40. Memorandum of Conversation1


  • Czech Interest in Air Service to U.S.


  • Mr. Martin Murin, Czech Director of Civil Aviation Administration
  • Mr. Prauel Vransky, Deputy Chief, Transport and International Air Relations, Civil Aviation Administration
  • Dr. Jiri Majsajdr, Third Secretary, Czech Embassy
  • Mr. Allen R. Ferguson, OA
  • Miss H. Alberta Colclaser, OA/AP
  • Mr. Michael H. Styles, OA/AN
  • Mr. Herbert Kaiser, EE
  • Mr. George Wharton, CAB

The meeting was requested by Messrs. Murin and Vransky who had accepted an invitation to visit the U.S. in connection with the 20th anniversary of ICAO.

Mr. Murin opened the discussion by recalling the recent talks between CSA and PAA which had led to an interline agreement between them. He said he wished to explore three subjects further, as follows:

CSA charter flights to U.S.

Mr. Murin said that CSA was considering operating a few irregular flights to the U.S. next summer in connection with the Czech athletic [Page 157] games held every five years in Prague (from July 1 to 4, 1965). Approximately ten flights might be involved, and they would all consist of plane-load charters, rather than split charters or individually-ticketed arrangements. Their purpose would be to attract persons of Czech origin living in the U.S. who had an interest in seeing the games.

In response to questions, Mr. Murin and Mr. Majsajdr said that Czechoslovakia had liberalized tourist controls greatly in the past year and they described several of the measures taken. There were not as many Czechs who had an interest in visits to the U.S.; most of these were relatives of persons living in the U.S.

There was some discussion of charter concepts. Mr. Wharton said that, as a member of IATA, CSA would be familiar with the rules. Mr. Murin indicated he understood these concepts.

Mr. Ferguson asked whether Czechoslovakia would allow a U.S. airline to do the same thing proposed by CSA. Mr. Murin replied that Czech civil aviation policy was based on reciprocity. He noted that Czechoslovakia was party to all the international agreements in the aviation field.

Mr. Murin asked whether he could characterize the discussion as indicating there were no major obstacles to the CSA proposal for charter flights. Mr. Ferguson responded in the affirmative.2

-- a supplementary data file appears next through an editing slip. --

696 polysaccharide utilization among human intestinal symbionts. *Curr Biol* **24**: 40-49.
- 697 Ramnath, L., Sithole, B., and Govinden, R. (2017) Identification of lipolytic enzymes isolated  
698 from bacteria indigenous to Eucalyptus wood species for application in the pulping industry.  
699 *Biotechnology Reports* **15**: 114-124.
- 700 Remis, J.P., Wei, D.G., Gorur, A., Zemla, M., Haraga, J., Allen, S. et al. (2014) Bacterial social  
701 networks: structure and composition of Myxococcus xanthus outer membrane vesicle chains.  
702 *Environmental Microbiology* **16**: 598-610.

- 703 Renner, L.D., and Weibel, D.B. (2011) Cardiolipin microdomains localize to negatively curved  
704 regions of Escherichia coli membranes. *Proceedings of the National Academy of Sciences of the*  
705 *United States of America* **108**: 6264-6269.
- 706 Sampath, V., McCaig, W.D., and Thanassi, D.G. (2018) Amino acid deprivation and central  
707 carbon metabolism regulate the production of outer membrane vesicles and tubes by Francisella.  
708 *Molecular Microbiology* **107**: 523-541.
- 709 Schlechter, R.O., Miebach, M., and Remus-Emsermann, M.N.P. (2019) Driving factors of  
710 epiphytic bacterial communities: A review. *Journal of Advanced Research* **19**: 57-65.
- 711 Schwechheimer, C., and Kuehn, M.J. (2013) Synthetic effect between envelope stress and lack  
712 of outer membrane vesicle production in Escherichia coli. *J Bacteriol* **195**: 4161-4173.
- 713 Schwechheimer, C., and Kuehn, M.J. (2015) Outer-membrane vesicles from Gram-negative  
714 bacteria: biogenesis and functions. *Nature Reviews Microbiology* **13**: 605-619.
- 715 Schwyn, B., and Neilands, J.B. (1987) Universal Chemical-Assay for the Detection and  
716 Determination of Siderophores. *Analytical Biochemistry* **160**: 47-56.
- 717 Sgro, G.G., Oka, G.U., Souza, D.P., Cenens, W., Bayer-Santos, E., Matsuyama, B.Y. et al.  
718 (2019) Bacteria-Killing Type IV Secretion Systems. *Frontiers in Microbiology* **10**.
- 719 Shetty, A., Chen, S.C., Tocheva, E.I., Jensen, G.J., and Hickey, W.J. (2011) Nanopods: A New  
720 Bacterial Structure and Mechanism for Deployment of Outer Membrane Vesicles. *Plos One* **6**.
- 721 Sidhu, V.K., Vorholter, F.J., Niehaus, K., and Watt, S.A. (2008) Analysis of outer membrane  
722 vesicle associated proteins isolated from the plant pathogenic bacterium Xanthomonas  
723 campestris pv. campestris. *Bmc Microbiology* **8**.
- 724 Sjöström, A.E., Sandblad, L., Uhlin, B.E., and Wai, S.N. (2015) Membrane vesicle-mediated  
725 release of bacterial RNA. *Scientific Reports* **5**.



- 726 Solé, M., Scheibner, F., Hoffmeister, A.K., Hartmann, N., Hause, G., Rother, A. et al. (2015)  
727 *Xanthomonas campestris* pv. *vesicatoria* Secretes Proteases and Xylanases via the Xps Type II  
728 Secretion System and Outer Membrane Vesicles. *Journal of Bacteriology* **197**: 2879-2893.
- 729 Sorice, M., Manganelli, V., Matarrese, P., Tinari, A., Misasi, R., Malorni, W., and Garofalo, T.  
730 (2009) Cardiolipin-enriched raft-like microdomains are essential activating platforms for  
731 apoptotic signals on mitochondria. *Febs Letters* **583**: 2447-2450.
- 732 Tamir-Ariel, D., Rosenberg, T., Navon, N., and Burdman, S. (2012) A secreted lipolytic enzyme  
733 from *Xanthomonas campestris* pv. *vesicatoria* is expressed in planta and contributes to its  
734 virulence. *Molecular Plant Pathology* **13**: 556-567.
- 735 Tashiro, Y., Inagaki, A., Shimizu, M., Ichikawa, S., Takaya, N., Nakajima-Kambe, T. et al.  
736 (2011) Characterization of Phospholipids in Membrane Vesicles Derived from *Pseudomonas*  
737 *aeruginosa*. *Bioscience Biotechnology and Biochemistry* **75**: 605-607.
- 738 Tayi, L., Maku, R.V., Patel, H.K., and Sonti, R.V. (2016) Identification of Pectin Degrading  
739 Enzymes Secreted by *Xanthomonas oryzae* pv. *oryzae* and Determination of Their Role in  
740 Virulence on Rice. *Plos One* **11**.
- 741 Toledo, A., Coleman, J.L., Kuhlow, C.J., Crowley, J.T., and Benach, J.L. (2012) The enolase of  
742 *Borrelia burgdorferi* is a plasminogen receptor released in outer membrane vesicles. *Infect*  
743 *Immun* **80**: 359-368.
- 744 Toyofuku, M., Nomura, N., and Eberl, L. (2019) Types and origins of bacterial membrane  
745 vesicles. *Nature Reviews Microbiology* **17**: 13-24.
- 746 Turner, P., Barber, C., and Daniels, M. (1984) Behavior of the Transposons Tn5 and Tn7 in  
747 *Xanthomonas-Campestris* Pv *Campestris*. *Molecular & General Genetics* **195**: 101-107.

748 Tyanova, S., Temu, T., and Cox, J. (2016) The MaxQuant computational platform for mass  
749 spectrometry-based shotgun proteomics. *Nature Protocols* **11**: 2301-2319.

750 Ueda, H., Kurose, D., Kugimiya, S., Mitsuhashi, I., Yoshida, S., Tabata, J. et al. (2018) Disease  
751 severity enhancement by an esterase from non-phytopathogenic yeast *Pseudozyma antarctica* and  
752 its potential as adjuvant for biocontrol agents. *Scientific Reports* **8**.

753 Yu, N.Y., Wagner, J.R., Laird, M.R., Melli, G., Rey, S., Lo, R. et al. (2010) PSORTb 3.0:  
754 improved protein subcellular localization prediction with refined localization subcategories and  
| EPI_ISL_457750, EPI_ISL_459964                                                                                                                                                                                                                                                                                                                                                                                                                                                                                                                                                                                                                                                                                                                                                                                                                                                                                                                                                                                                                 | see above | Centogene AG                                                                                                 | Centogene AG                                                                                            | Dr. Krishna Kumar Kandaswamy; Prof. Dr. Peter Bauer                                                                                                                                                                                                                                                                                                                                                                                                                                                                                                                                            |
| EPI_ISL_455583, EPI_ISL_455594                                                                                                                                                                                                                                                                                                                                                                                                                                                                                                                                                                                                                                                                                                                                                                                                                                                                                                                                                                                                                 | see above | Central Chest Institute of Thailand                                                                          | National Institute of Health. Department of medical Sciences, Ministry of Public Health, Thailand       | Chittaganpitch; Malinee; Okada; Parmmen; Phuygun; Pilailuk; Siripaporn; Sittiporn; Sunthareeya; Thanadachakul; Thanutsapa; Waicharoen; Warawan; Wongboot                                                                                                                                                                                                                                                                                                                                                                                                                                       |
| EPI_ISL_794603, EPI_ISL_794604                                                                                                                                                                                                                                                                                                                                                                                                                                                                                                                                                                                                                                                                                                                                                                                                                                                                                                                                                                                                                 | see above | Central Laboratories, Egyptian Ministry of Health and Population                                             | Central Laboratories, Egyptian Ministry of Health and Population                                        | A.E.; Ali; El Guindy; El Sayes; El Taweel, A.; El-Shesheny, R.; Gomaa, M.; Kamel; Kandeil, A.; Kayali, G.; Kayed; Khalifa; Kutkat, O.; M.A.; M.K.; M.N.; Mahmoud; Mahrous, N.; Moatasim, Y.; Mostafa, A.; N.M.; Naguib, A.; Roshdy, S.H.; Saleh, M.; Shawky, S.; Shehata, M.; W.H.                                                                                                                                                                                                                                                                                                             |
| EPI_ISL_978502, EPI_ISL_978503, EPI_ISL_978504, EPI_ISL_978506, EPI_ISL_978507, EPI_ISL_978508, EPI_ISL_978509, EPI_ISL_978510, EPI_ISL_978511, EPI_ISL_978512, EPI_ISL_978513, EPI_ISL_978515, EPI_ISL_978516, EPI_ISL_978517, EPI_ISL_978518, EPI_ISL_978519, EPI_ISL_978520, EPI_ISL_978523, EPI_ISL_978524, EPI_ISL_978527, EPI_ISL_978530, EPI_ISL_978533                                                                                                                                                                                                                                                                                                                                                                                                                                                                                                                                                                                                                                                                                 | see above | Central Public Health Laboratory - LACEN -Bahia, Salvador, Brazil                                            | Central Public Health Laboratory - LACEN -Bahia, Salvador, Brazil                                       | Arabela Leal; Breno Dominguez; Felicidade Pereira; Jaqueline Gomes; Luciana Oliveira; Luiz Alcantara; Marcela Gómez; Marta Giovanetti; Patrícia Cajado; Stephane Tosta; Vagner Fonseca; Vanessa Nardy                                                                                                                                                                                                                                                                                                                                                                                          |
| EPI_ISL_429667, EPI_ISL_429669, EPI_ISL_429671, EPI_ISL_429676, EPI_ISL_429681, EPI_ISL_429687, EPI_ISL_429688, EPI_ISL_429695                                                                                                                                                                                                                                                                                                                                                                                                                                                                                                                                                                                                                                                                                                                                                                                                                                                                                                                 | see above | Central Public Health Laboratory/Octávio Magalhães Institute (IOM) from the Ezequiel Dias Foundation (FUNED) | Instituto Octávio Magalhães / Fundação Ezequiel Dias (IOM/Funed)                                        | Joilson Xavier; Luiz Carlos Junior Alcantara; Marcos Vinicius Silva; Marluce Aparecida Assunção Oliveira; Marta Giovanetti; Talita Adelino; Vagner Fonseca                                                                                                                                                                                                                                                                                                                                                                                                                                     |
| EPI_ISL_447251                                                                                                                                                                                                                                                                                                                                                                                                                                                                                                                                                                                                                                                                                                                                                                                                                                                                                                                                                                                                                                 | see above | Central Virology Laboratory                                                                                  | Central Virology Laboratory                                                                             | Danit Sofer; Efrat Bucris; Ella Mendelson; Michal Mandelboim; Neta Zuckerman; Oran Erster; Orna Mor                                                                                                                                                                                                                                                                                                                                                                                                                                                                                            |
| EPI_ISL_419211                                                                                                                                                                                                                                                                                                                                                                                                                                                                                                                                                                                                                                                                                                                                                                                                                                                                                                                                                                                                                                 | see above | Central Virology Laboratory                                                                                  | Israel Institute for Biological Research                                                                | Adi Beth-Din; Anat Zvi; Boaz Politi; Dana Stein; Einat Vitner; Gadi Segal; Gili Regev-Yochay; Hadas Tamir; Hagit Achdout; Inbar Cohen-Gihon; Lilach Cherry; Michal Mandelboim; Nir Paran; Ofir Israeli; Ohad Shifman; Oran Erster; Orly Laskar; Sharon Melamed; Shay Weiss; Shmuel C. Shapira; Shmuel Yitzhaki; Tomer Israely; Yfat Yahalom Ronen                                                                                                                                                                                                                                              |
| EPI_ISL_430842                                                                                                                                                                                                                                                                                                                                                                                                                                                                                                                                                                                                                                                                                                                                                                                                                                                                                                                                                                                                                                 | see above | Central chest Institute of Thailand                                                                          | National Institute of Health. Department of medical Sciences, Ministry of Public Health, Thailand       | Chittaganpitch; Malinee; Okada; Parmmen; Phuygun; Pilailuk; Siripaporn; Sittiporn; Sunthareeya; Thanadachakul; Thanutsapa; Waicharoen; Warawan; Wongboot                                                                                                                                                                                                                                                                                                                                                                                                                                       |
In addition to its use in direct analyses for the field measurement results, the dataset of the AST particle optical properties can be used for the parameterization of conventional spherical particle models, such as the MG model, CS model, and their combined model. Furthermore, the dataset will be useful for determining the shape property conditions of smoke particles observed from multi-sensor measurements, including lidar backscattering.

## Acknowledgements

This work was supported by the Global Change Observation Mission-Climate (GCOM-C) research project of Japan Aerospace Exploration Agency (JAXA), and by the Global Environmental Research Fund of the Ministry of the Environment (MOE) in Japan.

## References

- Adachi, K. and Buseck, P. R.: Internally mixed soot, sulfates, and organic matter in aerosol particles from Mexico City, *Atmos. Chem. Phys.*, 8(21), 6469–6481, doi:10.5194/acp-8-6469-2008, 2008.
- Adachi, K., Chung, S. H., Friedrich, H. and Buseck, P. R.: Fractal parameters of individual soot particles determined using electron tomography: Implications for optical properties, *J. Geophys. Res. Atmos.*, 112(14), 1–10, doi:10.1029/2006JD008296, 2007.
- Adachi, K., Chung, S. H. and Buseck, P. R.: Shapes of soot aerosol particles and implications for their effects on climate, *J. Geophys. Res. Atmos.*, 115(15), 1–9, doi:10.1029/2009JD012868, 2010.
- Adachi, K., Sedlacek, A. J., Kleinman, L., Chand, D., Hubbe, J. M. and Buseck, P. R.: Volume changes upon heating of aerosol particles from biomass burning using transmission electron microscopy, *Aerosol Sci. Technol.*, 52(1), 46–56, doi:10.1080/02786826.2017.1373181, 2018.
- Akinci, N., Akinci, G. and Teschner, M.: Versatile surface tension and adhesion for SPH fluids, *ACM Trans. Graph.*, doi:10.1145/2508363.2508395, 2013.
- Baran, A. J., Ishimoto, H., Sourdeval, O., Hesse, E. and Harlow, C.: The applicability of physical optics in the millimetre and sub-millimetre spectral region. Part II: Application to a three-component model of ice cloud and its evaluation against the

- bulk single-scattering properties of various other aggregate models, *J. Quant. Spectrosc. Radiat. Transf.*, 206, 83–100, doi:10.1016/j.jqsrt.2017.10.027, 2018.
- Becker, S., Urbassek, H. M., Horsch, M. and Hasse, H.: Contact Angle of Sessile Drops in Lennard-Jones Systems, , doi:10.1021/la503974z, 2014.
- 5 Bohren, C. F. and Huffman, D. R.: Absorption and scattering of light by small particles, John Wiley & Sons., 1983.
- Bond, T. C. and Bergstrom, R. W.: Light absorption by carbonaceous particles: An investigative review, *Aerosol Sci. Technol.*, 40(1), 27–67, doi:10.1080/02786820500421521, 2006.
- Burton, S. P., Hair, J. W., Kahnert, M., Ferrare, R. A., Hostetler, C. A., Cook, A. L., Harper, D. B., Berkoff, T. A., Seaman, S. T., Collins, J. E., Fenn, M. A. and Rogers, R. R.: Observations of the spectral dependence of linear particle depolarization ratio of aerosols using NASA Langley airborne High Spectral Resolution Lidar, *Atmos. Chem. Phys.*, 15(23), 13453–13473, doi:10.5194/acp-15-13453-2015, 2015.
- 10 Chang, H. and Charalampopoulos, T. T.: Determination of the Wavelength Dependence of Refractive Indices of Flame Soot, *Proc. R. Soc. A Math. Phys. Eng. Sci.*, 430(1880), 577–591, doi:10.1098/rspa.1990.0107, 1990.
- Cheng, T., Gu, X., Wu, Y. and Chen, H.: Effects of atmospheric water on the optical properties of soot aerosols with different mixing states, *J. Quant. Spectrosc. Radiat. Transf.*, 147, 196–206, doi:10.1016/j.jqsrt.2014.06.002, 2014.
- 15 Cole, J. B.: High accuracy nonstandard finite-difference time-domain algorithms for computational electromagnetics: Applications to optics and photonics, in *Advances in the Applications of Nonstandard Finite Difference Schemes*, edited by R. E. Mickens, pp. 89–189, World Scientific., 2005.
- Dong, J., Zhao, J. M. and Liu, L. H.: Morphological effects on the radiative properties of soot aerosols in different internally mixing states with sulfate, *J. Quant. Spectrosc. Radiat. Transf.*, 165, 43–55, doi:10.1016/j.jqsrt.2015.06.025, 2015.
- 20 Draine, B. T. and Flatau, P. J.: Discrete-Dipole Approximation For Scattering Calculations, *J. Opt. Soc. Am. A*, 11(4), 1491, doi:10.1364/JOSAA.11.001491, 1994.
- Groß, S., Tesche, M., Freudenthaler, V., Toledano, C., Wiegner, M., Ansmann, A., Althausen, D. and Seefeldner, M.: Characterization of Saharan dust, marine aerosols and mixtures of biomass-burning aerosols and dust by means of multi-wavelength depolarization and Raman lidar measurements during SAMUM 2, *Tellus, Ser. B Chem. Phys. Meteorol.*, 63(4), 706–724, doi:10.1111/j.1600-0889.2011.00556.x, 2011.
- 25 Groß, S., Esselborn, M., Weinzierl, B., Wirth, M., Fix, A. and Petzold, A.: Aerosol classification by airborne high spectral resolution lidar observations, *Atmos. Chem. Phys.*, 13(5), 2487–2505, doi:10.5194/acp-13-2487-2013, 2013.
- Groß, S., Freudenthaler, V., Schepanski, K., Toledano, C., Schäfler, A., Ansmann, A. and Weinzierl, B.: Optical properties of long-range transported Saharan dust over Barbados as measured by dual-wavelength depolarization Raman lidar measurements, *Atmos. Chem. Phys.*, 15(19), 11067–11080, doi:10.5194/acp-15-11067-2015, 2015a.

Scheduled service to U.S.

Mr. Murin said that Czechoslovakia wanted to “prepare conditions” for scheduled CSA service to the U.S. and he understood that PAA was interested in service to Prague. Although nothing had been decided, he wished to raise this matter now to determine what problems there might be. The purpose of such air services would be to foster relations between the two countries and encourage exchange visits. An air transport services agreement already existed. The two airlines had concluded an interline agreement and PAA had stationed a representative in Prague. This step-by-step approach might create conditions for profitable services.

Mr. Ferguson said he could not answer this question as fully as he could the first subject of non-scheduled service. He said that, although the two countries had an agreement on paper, the U.S. would want to reexamine it to determine whether it was still adequate. After that, the two countries could discuss the subject further.

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Mr. Murin agreed that the agreement should be re-examined, but he noted that operations had taken place under it for a number of years and that Article 8 provided a ready means for amending the route annex.

After saying that the U.S. would wish to study the whole agreement, not merely the route annex, Mr. Ferguson said that the U.S. would communicate its views on this question to Mr. Majsajdr. Mr. Murin said he hoped negotiations could begin within the next year.3

Other questions

Mr. Murin raised two other questions. He asked whether CSA could station one of its representatives in New York. After some discussion, it was concluded this was not an aviation matter as such, and that CSA could use the establishment of the CEDOK office in New York both as a precedent and as an example of how to establish a CSA office.

Mr. Murin also asked if the U.S. would approve the lease of jet aircraft to CSA. Mr. Wharton said that there are no general obstacles to the leasing of aircraft if certain conditions are filled, and that the U.S. lessor would be aware of these conditions. Mr. Ferguson noted that it was the responsibility of the U.S. lessor, not the foreign lessee, to obtain CAB approval. Therefore, CSA should look to the U.S. lessor to determine whether U.S. approval could be obtained.

Mr. Ferguson said that Czechoslovakia should be aware that the CAB has statutory responsibility for the regulation of the economic aspects of aviation, both domestic and foreign, but that the State Department take a prominent role with respect to foreign airlines because of the international relations aspects. The U.S. Government thus speaks with one voice on such matters.

Mr. Murin felt that this informal exchange was a good start toward “normalizing” aviation relations between the two countries.

  1. Source: Department of State, Central Files, AV 9 CZECH–US. Limited Official Use. Drafted by Styles on December 21.
  2. In telegram 1110 to Prague, April 1, 1965, the Department of State reported that difficulties in arranging Czech charter flights had arisen because the aircraft CSA proposed to use were the property of Cuban Airlines and thus subject to seizure under Cuban Assets Control Regulations. (Ibid.)
  3. Pan American inaugurated New York-Prague service on July 17, 1965.